Jackson seeks DA’s job
Saying he’s been preparing 10 years for the job, lawyer Mark Jackson announced Wednesday he would be a Republican candidate for Douglas County district attorney.
Jackson’s announcement followed by one day District Attorney Scott Doyle’s decision not to seek election to a fifth term.
Jackson, 42, has been a deputy district attorney for five years.
He is a 37-year resident of Douglas County and a 1981 graduate of Douglas High School.
Even though the election is almost a year away, Jackson has received the endorsement of the Douglas County Sheriff’s Protective Association.
“As a deputy district attorney, Mark Jackson has consistently proven himself to be the top prosecutor in the District Attorney’s office.
“He has aggressively led the county in the prosecution of methamphetamine-related crimes and has taken a zero tolerance approach in those cases,” the sheriff’s association said in news release.
The association includes 77 deputies, investigators and jail officers.
“I have worked closely with the Douglas County Sheriff’s Office, the TRI-NET Narcotics Task force and the SLEDNET Narcotics Task Force to combat the methamphetamine epidemic in our community, “Jackson said.
“There is no greater threat to our health, safety and welfare,” he said.
Jackson said a joint drug task force is under discussion with Sheriff Ron Pierini.
“I will vigorously prosecute those who cause harm to children or our elderly,” he said.
Jackson was born in San Jose, Calif., in 1963 and moved to Douglas County with his mother and two brothers after his father, an Air Force pilot, was killed in a plane crash in 1968.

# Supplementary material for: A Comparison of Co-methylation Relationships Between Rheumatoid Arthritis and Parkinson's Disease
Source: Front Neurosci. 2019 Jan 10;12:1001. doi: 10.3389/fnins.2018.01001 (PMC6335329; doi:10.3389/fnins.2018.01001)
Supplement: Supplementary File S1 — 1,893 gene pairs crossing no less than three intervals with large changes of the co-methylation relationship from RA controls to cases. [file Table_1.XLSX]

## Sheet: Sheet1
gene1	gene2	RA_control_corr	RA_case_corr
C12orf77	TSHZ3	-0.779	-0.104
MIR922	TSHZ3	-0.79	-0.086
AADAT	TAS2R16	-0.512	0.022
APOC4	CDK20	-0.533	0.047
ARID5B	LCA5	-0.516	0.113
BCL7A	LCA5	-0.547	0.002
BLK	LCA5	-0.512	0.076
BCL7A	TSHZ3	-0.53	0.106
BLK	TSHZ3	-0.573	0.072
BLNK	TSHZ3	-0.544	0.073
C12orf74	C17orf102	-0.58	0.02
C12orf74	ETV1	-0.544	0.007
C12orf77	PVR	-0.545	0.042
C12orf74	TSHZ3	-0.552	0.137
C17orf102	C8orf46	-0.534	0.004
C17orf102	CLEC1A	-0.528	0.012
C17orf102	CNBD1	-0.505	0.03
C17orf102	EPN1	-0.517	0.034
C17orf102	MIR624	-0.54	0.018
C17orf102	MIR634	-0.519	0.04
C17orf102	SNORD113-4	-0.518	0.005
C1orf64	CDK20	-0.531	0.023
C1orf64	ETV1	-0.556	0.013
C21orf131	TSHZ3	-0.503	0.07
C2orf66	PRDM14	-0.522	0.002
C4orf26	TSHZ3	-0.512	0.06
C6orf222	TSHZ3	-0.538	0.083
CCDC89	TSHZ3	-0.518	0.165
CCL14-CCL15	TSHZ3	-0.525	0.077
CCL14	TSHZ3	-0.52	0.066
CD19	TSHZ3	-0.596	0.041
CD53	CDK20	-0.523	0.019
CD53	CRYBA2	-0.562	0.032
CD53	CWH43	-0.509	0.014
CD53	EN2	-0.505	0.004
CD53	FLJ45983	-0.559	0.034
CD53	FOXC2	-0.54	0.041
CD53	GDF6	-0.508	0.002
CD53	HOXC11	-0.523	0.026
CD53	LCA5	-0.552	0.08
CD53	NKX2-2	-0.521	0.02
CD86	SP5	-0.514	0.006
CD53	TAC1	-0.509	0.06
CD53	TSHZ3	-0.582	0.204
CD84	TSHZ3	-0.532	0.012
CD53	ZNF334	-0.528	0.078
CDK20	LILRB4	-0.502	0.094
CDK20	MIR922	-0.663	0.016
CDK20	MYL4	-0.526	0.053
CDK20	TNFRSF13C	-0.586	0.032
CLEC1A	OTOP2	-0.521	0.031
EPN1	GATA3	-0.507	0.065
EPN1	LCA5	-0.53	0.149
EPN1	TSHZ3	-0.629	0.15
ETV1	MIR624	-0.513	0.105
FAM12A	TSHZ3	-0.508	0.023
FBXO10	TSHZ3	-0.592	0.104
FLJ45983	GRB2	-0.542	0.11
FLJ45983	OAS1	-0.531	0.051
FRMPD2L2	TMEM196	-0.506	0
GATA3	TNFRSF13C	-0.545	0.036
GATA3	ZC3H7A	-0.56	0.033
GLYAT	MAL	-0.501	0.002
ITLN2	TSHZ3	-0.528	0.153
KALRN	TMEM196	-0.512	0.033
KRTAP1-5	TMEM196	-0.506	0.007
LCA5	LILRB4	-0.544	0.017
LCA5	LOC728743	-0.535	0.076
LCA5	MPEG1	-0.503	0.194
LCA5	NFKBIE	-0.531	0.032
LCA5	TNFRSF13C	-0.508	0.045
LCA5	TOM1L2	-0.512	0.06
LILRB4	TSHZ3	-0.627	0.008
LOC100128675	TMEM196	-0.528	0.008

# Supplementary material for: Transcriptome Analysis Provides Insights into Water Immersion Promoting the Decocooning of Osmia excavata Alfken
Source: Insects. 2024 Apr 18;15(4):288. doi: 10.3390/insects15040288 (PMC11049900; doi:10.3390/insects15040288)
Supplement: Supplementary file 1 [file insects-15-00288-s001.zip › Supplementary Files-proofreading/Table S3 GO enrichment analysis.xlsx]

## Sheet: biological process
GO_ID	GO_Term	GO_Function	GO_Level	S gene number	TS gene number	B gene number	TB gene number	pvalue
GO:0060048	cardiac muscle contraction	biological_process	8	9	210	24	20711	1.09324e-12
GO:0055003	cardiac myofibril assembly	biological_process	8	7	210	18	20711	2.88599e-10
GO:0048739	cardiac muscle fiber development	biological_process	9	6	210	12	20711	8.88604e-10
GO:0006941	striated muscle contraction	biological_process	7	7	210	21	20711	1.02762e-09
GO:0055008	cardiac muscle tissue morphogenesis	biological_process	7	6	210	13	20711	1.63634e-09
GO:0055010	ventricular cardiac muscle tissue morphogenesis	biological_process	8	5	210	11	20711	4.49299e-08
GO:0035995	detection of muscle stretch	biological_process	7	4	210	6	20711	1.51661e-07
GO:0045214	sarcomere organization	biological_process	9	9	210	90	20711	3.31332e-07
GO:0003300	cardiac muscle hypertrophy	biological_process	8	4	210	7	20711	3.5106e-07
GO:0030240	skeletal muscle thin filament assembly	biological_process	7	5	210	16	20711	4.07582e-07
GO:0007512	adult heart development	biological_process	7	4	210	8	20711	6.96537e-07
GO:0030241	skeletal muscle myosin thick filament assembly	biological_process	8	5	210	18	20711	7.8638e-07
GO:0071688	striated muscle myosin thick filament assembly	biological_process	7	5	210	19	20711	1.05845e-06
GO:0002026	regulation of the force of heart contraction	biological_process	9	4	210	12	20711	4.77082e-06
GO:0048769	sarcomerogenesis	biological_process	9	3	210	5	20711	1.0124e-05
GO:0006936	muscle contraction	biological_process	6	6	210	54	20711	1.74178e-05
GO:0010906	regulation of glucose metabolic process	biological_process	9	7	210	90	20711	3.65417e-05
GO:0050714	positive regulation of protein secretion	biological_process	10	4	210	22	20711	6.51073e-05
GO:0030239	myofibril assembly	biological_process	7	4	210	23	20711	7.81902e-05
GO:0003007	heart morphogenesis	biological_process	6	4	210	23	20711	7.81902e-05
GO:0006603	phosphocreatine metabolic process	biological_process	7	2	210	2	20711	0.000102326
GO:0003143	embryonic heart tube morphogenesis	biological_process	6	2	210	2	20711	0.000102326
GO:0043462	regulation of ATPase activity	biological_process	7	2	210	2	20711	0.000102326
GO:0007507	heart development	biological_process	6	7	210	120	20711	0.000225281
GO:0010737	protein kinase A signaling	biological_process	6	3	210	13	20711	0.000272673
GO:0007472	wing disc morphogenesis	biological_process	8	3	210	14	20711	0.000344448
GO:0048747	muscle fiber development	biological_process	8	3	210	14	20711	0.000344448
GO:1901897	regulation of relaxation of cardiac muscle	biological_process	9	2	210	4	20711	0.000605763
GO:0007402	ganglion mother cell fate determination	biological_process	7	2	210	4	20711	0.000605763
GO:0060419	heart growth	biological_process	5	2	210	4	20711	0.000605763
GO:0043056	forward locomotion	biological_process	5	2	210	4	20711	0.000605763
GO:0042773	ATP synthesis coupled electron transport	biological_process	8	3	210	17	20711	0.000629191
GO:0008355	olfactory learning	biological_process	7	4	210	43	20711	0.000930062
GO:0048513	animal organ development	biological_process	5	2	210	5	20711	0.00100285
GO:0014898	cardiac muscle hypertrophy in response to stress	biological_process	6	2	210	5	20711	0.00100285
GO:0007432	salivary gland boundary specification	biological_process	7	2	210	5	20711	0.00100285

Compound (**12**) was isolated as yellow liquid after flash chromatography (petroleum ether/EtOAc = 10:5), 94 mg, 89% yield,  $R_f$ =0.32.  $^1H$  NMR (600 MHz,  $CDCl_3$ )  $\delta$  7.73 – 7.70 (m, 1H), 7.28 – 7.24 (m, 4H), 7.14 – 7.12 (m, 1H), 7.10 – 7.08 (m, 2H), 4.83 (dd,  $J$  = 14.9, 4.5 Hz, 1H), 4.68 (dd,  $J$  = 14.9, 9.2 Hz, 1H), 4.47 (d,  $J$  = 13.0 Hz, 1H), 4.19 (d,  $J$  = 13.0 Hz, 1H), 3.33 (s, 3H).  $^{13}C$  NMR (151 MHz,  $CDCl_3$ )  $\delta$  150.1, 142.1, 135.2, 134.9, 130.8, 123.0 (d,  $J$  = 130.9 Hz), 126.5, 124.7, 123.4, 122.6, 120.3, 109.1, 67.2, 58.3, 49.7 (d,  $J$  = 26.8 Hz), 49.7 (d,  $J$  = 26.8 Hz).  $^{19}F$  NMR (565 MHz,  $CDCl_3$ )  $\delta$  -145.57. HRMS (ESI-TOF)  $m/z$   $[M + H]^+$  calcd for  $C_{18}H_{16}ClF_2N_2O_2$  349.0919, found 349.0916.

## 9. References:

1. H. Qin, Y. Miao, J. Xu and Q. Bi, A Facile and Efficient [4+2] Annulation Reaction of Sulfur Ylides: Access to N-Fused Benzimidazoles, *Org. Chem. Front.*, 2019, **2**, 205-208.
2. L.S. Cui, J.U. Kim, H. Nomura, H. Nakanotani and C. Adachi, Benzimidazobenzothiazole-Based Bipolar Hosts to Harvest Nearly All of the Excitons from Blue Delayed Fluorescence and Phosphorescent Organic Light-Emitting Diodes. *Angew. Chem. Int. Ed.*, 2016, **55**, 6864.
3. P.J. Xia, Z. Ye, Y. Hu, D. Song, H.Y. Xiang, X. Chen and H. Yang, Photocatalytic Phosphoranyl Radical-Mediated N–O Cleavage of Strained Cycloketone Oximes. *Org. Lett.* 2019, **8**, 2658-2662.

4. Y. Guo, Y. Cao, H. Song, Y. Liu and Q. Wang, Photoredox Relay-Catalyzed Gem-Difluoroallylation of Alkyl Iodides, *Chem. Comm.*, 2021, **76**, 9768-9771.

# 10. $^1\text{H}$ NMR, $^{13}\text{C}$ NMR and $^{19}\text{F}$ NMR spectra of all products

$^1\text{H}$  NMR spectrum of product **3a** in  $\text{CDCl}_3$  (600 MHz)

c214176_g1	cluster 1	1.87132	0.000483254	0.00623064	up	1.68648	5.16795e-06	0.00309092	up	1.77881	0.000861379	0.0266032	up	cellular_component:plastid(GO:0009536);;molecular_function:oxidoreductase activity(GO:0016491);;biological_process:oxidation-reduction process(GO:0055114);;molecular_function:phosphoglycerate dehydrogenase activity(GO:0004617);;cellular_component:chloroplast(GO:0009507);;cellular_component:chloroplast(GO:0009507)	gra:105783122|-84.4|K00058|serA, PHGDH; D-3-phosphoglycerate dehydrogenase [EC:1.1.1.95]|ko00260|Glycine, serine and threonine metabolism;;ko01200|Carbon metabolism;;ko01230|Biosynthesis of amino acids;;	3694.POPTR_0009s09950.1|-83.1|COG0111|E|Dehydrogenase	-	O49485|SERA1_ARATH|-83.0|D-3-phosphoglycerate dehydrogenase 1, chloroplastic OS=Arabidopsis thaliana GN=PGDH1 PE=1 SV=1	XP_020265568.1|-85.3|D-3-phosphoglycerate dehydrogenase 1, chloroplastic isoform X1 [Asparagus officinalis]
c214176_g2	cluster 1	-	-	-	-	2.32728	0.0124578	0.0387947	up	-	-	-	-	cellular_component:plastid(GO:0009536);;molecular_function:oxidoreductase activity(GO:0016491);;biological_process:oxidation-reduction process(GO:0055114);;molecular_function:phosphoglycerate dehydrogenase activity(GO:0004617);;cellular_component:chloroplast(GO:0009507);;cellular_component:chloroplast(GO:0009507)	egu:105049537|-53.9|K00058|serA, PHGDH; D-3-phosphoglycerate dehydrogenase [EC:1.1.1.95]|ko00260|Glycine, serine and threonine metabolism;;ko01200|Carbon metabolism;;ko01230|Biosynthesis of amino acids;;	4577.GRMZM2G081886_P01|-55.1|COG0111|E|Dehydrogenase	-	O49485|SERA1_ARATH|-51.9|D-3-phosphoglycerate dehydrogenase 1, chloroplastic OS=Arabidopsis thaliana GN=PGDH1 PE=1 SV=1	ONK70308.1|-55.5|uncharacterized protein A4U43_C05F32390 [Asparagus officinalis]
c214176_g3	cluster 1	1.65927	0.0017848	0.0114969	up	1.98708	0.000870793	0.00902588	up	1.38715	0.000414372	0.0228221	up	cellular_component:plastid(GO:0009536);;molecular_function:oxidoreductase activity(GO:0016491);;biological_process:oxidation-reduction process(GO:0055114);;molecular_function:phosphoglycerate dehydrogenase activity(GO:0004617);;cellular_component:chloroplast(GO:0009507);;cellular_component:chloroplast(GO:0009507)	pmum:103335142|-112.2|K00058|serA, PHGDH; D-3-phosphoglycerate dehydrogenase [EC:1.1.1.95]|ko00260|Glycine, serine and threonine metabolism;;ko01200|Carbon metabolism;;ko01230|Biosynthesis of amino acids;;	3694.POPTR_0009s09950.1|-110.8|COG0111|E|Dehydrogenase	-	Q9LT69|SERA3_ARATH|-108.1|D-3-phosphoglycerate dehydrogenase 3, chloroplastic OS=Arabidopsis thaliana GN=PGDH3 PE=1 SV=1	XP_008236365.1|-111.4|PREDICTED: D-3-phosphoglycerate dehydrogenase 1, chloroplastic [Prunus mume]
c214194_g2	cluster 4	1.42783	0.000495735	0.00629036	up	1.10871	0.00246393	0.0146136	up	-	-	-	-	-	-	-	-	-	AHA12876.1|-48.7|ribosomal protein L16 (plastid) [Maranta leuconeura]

He earned his undergraduate degree in agricultural business from Colorado State University in 1985 and his law degree in 1989 from California Western School of Law in San Diego.
He returned to Douglas County in 1991 and formed a law firm with Milos Terzich in 1992.
When Terzich retired, Jackson joined the district attorney’s office in 2001.
His cases have included the conviction of Christopher Fiegehen for the murder of Al Chorkey and the attempted murder of his wife. He also successfully prosecuted Dr. Richard Conte for the kidnaping of his ex-wife.
He also has prosecuted many methamphetamine drug traffickers and drug cartel members which has resulted in the forfeiture of their homes and vehicles.
“My No. 1 issue is the health, safety and welfare of this community,” he said. “I believe my biggest impact is to continue as public prosecutor. I also plan on being involved in civil aspects of the District Attorney’s office, providing oversight. If it came down to an issue of prosecuting at a trial or going to a county commissioner meeting, I probably would choose being in court.
“But what I would have to do is balance it out with what is the criminal case and could somebody else handle it,” he said.
If elected, Jackson said his initial focus would be as public prosecutor, but he said he has a strong background in civil law.
“When Milos and I started our law firm, I probably was doing 90 percent civil and 10 percent criminal,” Jackson said. “Over the next 10 years, it pretty much started to reverse itself.
“I have a very strong understanding of the rules of civil procedure and application. I have no qualms at all about handling civil issues,” Jackson said.
“I love this community,” he said. “I have a wonderful, beautiful and supportive wife, a 7-year-old son and a 5-year-old daughter. I want everyone to be able to enjoy the same quality of life I experienced as a child growing up in this community,” Jackson said.
Jackson and his wife Kathy are the parents of Tre and Talyn.
He serves on the board of directors of the Douglas County Partnership of Community Resources. In the past 15 years he has coached Pop Warner football, NFL youth flag football, AYSO soccer, youth wrestling and Little League baseball.